December 2011

No more Elly May

By Suzanne Strazza

Remember Elly May Clampett? She was the zoo-keeping, animal-loving, never-hurta- fly daughter in “The Beverly Hillbillies.”

Well, that’s who I’ve been compared to all my life. Suzanne of the soft heart. Suzanne, lover of strays. Suzanne, protector of all creatures great and small.

Suzanne apparently now has a thirst for blood.

Having been a vegetarian for a considerable amount of my adult life and a huge and very outspoken opponent of hunting due to “cruelty towards animals,” I am quite surprised to find myself in the position of having participated in the killing, skinning, eviscerating and butchering of not one, but two sheep last week.

What the hell happened?

Honestly, I have no idea.

Admittedly, over the post-veggie years, I have come to re-relish the taste of flesh: pig, cow, chicken. My tastes are quite bland and mainstream. Elk, deer, lamb, duck, bunny, goat – hmmmm. No.

And, having lived in the West for long enough, I realize that people actually do feed their families on the meat of the animals that they kill; it’s not hunting for sport. And on an intellectual level, I believe that killing an individual animal with your own hands and having a relationship with that animal and the death process is how we should get our meat.

But I love a nice juicy steak all wrapped in plastic, sitting on the shelf at the City Market with a label telling me how much fat it contains.

And then one day my friends R and J bought two lambs and were having them delivered here to Mancos. As they prepared for the big day, I realized that this was something I didn’t want to miss, so I invited myself.

R seemed relieved to have company in his novice-ness. J, who has hunted all his life, didn’t understand why it was a big deal. But Saturday morning rolled around and I picked out an outfit I found appropriate for getting covered in blood and guts (fashion first – even for a murder) and went to join the men in the killing fields.

I was also fully prepared to be “coffee girl” in case I actually couldn’t handle it.

The lambs arrived. They were a few hours late, but really, who’s rushing to their death? They came with a family of sheep-killers, for lack of a better term: grandpa, grandson, and lots in between, including a very pregnant momma.

These were not Little Bo Peep lambs; these were huge churros, a few short days of adulthood.

I stood watching while the first was taken out of the truck, his friends curiously watching. His legs were tied together and he lay on the ground, head on a bed of branches.

“Who’s going to hold its neck?” J did. I was jealous.

And…off with the head.

It was so cool. Cool enough that when it came time for the second one – I almost knocked everyone down to get my hands on that throat. J did the cutting, but I got to hold its head back and feel the life go out of it.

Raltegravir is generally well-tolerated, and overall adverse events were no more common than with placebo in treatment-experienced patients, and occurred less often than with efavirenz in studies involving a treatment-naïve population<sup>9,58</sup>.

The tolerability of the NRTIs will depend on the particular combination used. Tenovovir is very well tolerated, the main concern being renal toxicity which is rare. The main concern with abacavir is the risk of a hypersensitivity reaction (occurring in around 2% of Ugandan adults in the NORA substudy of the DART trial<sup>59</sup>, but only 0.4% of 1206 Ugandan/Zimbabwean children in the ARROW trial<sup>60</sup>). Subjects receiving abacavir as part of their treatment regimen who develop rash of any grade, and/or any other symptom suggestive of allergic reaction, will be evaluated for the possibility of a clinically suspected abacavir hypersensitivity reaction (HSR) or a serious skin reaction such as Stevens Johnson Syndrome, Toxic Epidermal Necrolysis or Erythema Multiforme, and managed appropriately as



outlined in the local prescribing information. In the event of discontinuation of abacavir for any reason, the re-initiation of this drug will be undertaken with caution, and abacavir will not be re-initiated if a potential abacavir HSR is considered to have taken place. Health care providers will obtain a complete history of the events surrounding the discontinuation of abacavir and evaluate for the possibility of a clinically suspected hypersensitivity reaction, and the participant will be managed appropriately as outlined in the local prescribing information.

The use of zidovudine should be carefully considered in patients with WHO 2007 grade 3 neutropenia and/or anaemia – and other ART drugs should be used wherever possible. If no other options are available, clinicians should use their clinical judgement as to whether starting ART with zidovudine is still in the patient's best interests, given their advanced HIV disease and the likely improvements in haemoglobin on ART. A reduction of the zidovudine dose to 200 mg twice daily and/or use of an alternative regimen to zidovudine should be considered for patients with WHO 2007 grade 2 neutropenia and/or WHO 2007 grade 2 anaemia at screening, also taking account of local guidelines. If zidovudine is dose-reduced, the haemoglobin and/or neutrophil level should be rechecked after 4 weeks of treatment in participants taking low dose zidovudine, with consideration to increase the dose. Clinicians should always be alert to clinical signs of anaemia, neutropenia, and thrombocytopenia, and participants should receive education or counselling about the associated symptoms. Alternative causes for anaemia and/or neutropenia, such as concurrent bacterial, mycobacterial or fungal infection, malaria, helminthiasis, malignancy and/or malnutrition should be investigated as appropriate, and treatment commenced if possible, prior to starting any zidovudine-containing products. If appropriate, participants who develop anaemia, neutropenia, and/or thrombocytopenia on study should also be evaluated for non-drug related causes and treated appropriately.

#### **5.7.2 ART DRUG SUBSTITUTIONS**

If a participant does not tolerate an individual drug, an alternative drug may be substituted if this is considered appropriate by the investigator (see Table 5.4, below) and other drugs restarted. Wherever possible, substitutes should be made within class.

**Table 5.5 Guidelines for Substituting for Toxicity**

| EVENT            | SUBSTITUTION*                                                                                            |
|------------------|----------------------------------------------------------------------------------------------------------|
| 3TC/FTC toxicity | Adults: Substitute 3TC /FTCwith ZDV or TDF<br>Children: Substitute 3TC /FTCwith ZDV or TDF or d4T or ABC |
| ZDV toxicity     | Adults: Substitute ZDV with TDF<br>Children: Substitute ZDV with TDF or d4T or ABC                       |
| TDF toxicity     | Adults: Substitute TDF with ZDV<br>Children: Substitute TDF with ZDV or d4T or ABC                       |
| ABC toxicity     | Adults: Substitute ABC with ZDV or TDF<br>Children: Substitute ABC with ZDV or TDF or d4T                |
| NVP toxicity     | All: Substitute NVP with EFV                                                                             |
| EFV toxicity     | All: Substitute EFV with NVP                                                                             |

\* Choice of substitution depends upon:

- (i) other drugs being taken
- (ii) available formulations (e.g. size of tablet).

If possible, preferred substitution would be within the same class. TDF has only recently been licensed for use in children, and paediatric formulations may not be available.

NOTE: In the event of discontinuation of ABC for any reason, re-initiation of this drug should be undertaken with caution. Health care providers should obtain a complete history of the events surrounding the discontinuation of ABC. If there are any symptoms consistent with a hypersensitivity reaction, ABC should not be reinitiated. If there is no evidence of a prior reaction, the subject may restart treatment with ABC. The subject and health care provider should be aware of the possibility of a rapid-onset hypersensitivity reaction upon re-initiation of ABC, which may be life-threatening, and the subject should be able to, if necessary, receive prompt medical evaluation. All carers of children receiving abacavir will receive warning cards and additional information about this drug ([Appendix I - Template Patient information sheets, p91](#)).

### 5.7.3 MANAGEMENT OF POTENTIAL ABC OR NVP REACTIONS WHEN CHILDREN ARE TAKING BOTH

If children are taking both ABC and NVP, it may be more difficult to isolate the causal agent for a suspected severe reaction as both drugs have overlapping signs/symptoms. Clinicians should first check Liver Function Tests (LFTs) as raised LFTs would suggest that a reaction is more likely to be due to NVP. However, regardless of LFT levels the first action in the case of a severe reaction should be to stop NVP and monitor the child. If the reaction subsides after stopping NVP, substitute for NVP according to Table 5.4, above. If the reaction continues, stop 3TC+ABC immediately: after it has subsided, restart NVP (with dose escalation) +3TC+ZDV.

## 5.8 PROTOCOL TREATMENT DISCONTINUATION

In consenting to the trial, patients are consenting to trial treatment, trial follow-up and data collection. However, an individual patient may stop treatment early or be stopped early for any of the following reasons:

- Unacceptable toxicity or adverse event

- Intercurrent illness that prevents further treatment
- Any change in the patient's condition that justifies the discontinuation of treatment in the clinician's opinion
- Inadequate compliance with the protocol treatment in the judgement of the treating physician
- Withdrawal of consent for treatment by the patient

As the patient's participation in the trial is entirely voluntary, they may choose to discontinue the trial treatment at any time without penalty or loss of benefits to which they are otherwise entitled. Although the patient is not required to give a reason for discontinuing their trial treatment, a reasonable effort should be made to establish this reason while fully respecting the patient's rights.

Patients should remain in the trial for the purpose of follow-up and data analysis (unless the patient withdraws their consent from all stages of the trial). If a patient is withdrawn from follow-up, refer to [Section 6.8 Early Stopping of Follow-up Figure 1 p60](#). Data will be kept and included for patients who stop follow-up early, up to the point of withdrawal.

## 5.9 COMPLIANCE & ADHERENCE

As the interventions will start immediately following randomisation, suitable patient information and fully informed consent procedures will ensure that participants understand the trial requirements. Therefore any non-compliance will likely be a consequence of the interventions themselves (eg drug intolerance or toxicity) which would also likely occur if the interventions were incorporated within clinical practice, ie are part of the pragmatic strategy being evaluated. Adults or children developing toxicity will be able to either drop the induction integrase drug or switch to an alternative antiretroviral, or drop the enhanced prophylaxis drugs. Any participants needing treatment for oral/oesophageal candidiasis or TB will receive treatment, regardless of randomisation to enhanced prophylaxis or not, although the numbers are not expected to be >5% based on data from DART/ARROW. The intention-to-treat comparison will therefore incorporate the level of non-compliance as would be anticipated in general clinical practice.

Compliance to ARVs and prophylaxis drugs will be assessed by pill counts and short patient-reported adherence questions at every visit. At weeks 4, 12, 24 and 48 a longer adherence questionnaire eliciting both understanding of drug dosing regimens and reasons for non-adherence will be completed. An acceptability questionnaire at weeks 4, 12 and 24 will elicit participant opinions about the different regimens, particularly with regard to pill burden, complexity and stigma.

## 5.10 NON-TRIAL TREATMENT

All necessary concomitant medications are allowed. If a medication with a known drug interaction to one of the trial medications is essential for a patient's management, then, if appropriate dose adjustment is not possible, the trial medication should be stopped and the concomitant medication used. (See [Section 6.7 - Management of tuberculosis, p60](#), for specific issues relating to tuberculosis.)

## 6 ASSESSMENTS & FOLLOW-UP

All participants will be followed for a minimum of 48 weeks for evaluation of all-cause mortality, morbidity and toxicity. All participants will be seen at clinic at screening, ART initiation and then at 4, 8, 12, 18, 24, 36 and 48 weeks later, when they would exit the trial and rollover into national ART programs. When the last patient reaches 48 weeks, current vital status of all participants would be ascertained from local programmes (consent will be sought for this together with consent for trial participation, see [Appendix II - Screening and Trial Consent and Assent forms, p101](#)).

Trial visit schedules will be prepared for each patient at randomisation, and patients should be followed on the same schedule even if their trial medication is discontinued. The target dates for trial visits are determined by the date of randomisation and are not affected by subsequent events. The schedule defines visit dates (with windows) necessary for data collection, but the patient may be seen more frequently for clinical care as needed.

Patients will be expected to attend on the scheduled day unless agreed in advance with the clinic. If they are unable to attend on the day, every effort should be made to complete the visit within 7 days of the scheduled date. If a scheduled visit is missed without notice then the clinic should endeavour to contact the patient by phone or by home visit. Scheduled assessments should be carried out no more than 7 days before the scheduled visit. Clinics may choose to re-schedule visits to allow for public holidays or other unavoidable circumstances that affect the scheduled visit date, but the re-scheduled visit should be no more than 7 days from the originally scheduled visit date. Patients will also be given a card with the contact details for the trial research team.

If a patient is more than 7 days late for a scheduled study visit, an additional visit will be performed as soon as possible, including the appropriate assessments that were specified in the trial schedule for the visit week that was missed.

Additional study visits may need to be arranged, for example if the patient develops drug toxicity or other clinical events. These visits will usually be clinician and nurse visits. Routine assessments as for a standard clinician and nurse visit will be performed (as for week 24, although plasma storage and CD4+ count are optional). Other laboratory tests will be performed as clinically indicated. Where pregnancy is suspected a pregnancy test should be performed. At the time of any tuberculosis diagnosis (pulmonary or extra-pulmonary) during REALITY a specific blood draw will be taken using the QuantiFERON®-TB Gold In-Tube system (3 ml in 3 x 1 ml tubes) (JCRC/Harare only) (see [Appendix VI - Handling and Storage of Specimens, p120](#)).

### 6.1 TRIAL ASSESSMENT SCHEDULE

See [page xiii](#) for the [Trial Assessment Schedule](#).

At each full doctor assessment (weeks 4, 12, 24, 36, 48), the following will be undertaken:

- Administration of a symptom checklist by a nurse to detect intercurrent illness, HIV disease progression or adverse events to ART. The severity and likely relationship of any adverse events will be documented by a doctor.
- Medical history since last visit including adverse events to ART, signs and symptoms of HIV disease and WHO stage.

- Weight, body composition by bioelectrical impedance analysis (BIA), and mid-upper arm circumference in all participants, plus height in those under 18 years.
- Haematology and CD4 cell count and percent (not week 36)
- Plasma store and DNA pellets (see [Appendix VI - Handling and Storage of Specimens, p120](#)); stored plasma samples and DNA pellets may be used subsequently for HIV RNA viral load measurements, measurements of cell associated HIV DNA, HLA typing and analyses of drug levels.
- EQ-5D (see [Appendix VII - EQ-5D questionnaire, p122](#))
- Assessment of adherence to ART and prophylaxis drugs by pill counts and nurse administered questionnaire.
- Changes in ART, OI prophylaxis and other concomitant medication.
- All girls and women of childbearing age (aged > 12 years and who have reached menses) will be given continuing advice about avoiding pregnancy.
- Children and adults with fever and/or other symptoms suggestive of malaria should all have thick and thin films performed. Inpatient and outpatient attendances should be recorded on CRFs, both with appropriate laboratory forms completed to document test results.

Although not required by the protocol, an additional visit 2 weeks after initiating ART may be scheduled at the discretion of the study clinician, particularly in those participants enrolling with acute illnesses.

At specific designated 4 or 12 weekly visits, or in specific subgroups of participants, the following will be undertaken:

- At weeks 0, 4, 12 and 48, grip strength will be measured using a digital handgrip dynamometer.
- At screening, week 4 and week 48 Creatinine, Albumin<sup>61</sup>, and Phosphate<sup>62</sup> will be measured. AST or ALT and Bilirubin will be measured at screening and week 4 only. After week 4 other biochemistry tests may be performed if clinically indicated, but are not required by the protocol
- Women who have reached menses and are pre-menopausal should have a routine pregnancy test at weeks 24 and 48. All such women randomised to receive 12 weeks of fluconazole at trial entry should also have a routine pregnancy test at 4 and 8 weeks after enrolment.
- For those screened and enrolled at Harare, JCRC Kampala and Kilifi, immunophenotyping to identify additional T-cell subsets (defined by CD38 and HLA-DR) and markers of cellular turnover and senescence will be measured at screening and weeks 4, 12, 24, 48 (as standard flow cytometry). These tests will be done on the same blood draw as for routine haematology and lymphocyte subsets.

Also got to manage the never-ceasing twitching of the legs and listen to the air bubble in the esophagus.

We skinned. I assumed I would hurl – instead I was fascinated by how smoothly the entire pelt peeled away.

We hung it from the tree – would have been head down, if there was a head. Johnny, the sheep guy, slit the body down the middle and told me to stick my hands in there and hold in the intestines.

It was warm. I’d never held an organ before.

While I cradled the stomach in my arms, I wondered why I wasn’t distraught about the death of an innocent animal. I thought I’d at least be grossed out.

These were not my sheep; I could have walked away at any point, yet I was involved in something that I had to see through to the end.

So, while the 18-month-old played with a section of intestines, I held the sheet of fat to let it air-dry.

I was the keeper of the cellulite.

After the process was complete, we threw both lambs into the back of my truck and off to Cox’s. I drove. While I pumped gas, I felt so “Mancos” to have carcasses in my truck bed. I wanted everyone to see.

After 15 years here, I finally belonged.

We took the lambs to R’s house and proceeded to butcher: fillets, tenderloins, back straps, ribs and roasts. It was a lesson in basic anatomy and made this non-lamb-eater want to fire up the grill.

My kids came over – their jaws hung slack. They couldn’t believe that their peace-loving hippie-dippy mother was up to her elbows in flesh and blood and wielding an extremely sharp knife.

With that knife, I managed to nearly cut off the ends of two fingers. I actually only nicked them, but the amount of blood made it look like a near-amputation.

Again, I kept waiting for Elly May to return, to run, fraught with emotion, back home to wash the blood off of her hands.

She was clearly not around.

At the end of the day, exhausted and smelling like a butcher shop, I was a bit sore and a lot invigorated. I wanted to do it again.

I want to hunt.

I realize that, contrary to what I used to think, this is the way to get meat. Killing and all that goes with it gives a person a relationship to their food that doesn’t come when you get the Styrofoam tray with the tidy, fattrimmed chunk of flesh.

And I know I am a little behind the times – that most of Montezuma County figured this out long ago. I also understand that a lot of Montezuma couldn’t serve up an abundance of meat for their families if they didn’t go out and get it.

I feel as if I was a part of a rite of passage and it was a matter-of-fact process.

Now that it’s all over, was I grossed out?


Am I going to make a return to vegetarianism? Not a chance.

Is Elly May rolling over in her grave? Probably.

Suzanne Strazza writes from Mancos, Colo.